According to several witnesses, various supervisors either participated in or witnessed goosing. Davis admitted that he goosed male employees, and testified that he saw Scott and Anthony Smith, a coworker, goose employees in the buttocks. Lindley and coworker Tony Warren both testified that they had seen Davis grab various employees' buttocks and crotches. Warren testified that Davis even twisted his nipples. In addition, Dotson and Warren testified that they saw a number of their coworkers goose other employees in the presence of various supervisors, and that the supervisors did nothing to stop it.


Out of the 292 people employed at the facility by Harbert-Yeargin in 1996, only 3 of them were women. All three women testified that they had daily contact with the construction workers, and that none of the male employees, including Davis, ever said anything of a sexual nature to them or touched them inappropriately. Davis himself stated that he would not have touched any female below the belt, and Scott testified that although he had thumped the genitals of another male employee, he would never do that to a woman.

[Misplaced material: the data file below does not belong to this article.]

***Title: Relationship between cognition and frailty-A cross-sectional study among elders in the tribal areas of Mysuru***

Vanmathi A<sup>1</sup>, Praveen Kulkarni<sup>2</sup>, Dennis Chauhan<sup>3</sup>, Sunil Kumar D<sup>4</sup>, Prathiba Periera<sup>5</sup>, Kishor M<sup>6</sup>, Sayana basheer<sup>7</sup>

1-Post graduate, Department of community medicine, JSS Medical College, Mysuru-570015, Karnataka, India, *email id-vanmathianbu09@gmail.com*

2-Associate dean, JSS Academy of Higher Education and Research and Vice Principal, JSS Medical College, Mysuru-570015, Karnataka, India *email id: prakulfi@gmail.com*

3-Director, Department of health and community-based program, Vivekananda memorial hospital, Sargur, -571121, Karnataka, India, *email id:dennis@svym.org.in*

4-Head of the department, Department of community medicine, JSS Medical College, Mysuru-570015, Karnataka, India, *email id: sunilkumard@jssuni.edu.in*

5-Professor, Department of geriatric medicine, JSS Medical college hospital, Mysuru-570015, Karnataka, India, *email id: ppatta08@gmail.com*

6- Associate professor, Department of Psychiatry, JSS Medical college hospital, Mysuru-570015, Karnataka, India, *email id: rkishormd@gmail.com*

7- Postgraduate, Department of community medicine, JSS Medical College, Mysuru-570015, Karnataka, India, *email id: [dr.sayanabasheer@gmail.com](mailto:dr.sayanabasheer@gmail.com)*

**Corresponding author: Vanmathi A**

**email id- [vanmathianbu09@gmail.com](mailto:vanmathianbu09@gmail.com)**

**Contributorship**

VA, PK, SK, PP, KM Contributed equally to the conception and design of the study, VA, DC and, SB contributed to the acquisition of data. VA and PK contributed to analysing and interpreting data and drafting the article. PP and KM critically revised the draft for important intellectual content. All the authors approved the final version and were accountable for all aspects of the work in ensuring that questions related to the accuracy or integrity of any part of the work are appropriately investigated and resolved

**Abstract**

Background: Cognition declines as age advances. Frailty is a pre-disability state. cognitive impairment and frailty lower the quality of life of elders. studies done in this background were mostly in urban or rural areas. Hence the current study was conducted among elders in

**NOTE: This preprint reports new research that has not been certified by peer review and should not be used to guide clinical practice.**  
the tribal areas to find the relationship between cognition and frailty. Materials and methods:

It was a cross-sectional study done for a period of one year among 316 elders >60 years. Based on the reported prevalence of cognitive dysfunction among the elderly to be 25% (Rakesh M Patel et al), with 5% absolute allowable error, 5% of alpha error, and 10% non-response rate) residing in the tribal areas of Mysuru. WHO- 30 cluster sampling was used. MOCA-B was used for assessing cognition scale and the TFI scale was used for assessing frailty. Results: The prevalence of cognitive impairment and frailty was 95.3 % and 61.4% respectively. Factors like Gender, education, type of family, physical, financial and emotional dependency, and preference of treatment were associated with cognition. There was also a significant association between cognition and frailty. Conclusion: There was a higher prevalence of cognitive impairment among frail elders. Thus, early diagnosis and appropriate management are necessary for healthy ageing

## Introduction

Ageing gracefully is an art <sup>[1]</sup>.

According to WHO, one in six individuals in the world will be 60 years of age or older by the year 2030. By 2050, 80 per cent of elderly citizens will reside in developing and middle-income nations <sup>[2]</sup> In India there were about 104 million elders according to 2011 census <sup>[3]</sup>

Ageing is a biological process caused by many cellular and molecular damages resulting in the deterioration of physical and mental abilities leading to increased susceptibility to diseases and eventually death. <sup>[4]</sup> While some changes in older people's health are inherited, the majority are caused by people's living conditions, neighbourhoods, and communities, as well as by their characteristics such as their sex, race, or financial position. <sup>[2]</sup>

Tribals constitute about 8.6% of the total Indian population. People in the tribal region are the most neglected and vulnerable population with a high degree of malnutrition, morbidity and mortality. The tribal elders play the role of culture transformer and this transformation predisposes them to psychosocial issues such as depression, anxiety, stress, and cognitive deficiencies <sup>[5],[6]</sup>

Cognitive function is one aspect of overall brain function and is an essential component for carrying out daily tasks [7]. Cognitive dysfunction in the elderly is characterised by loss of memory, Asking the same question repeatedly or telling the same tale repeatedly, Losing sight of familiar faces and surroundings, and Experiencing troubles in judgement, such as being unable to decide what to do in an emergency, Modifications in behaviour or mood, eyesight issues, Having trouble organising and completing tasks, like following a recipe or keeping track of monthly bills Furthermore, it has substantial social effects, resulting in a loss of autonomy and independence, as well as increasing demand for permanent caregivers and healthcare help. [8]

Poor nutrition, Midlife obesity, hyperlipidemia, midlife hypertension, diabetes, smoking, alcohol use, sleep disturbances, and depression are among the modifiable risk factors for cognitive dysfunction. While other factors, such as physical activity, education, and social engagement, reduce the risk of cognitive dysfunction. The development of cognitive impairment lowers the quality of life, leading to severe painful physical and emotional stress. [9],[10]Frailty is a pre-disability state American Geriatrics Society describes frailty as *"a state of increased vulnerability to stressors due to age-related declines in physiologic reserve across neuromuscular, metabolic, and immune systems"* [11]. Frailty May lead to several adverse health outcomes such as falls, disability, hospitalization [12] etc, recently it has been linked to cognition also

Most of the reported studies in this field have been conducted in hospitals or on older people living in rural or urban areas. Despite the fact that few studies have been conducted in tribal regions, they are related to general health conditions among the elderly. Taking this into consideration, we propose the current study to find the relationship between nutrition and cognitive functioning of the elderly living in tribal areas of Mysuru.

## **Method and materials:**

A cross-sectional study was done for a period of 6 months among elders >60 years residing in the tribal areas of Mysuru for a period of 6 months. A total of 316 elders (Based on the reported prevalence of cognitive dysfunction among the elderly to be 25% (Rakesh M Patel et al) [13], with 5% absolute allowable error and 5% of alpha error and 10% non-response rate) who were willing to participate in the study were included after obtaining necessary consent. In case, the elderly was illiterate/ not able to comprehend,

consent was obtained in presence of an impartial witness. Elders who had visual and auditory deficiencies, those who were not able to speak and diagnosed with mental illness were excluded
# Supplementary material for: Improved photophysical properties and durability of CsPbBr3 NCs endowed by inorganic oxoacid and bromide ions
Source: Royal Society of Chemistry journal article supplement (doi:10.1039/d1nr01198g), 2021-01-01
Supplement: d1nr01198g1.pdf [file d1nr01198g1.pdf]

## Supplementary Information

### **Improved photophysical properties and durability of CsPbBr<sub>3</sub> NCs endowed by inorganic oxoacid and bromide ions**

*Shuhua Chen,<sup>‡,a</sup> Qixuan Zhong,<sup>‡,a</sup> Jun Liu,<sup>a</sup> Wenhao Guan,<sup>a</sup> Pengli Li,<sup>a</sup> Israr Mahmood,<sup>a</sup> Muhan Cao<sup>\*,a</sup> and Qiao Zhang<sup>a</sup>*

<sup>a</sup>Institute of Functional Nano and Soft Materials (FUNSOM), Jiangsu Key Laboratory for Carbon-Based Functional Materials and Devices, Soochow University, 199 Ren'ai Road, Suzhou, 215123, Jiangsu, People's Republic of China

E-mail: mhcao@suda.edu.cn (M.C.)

B. Trial background


The EEOC filed its action on May 1, 1997, alleging that Dotson, Doyle, and Woods experienced sexual harassment in violation of Title VII. Carlton filed a complaint to intervene on July 31, 1997. The five-day jury trial commenced on April 26, 1999 to adjudicate both the sexual harassment claims of Dotson, Doyle, and Woods, and Carlton's claims of sexual harassment, retaliation, and constructive discharge.


At trial, the EEOC and Carlton presented testimony regarding the workplace environment at the Harbert-Yeargin facility. Their witnesses explained the practice of goosing and how both supervisors and employees either participated in or witnessed the offending conduct. Various employees also testified that they had not been made aware of the anti-harassment policies at Harbert-Yeargin. Furthermore, the female employees at Harbert-Yeargin confirmed that they had not been subjected to any unwanted physical contact while working at the facility.